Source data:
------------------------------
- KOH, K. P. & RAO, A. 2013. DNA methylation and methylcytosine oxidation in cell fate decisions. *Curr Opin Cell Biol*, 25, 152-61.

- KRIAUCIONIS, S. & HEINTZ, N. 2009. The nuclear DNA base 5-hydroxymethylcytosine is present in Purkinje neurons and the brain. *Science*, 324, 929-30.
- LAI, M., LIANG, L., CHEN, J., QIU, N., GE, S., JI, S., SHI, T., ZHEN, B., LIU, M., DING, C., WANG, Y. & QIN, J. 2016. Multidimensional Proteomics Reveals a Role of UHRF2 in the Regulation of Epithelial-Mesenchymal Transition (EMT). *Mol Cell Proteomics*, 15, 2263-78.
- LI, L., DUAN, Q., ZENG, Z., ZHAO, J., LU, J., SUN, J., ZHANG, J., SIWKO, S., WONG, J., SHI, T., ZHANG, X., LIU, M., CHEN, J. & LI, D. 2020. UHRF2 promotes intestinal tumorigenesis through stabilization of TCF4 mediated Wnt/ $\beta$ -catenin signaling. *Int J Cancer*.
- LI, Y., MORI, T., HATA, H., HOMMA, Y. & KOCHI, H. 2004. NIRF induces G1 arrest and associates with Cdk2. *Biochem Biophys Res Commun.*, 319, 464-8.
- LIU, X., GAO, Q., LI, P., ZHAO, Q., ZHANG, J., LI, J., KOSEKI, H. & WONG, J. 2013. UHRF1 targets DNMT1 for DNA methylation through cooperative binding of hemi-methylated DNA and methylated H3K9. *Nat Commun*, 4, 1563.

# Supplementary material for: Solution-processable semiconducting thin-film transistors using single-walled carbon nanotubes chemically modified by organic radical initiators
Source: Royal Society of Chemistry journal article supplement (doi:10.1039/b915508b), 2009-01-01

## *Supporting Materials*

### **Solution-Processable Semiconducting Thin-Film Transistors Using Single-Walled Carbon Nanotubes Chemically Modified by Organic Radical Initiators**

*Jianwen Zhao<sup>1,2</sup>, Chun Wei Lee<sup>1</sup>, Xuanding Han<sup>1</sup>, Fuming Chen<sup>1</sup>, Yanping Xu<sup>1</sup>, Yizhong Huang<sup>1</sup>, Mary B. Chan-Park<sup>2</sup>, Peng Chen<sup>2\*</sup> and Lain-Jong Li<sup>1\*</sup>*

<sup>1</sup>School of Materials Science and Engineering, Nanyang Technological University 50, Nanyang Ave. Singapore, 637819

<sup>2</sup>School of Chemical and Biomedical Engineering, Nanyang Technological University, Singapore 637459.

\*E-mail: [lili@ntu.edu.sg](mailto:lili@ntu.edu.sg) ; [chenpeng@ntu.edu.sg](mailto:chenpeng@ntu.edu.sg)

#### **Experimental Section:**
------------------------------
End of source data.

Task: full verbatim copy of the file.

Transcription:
- KOH, K. P. & RAO, A. 2013. DNA methylation and methylcytosine oxidation in cell fate decisions. *Curr Opin Cell Biol*, 25, 152-61.

- KRIAUCIONIS, S. & HEINTZ, N. 2009. The nuclear DNA base 5-hydroxymethylcytosine is present in Purkinje neurons and the brain. *Science*, 324, 929-30.
- LAI, M., LIANG, L., CHEN, J., QIU, N., GE, S., JI, S., SHI, T., ZHEN, B., LIU, M., DING, C., WANG, Y. & QIN, J. 2016. Multidimensional Proteomics Reveals a Role of UHRF2 in the Regulation of Epithelial-Mesenchymal Transition (EMT). *Mol Cell Proteomics*, 15, 2263-78.
- LI, L., DUAN, Q., ZENG, Z., ZHAO, J., LU, J., SUN, J., ZHANG, J., SIWKO, S., WONG, J., SHI, T., ZHANG, X., LIU, M., CHEN, J. & LI, D. 2020. UHRF2 promotes intestinal tumorigenesis through stabilization of TCF4 mediated Wnt/ $\beta$ -catenin signaling. *Int J Cancer*.
- LI, Y., MORI, T., HATA, H., HOMMA, Y. & KOCHI, H. 2004. NIRF induces G1 arrest and associates with Cdk2. *Biochem Biophys Res Commun.*, 319, 464-8.
- LIU, X., GAO, Q., LI, P., ZHAO, Q., ZHANG, J., LI, J., KOSEKI, H. & WONG, J. 2013. UHRF1 targets DNMT1 for DNA methylation through cooperative binding of hemi-methylated DNA and methylated H3K9. *Nat Commun*, 4, 1563.

# Supplementary material for: Solution-processable semiconducting thin-film transistors using single-walled carbon nanotubes chemically modified by organic radical initiators
Source: Royal Society of Chemistry journal article supplement (doi:10.1039/b915508b), 2009-01-01

## *Supporting Materials*

### **Solution-Processable Semiconducting Thin-Film Transistors Using Single-Walled Carbon Nanotubes Chemically Modified by Organic Radical Initiators**

*Jianwen Zhao<sup>1,2</sup>, Chun Wei Lee<sup>1</sup>, Xuanding Han<sup>1</sup>, Fuming Chen<sup>1</sup>, Yanping Xu<sup>1</sup>, Yizhong Huang<sup>1</sup>, Mary B. Chan-Park<sup>2</sup>, Peng Chen<sup>2\*</sup> and Lain-Jong Li<sup>1\*</sup>*

<sup>1</sup>School of Materials Science and Engineering, Nanyang Technological University 50, Nanyang Ave. Singapore, 637819

<sup>2</sup>School of Chemical and Biomedical Engineering, Nanyang Technological University, Singapore 637459.

\*E-mail: [lili@ntu.edu.sg](mailto:lili@ntu.edu.sg) ; [chenpeng@ntu.edu.sg](mailto:chenpeng@ntu.edu.sg)

#### **Experimental Section:**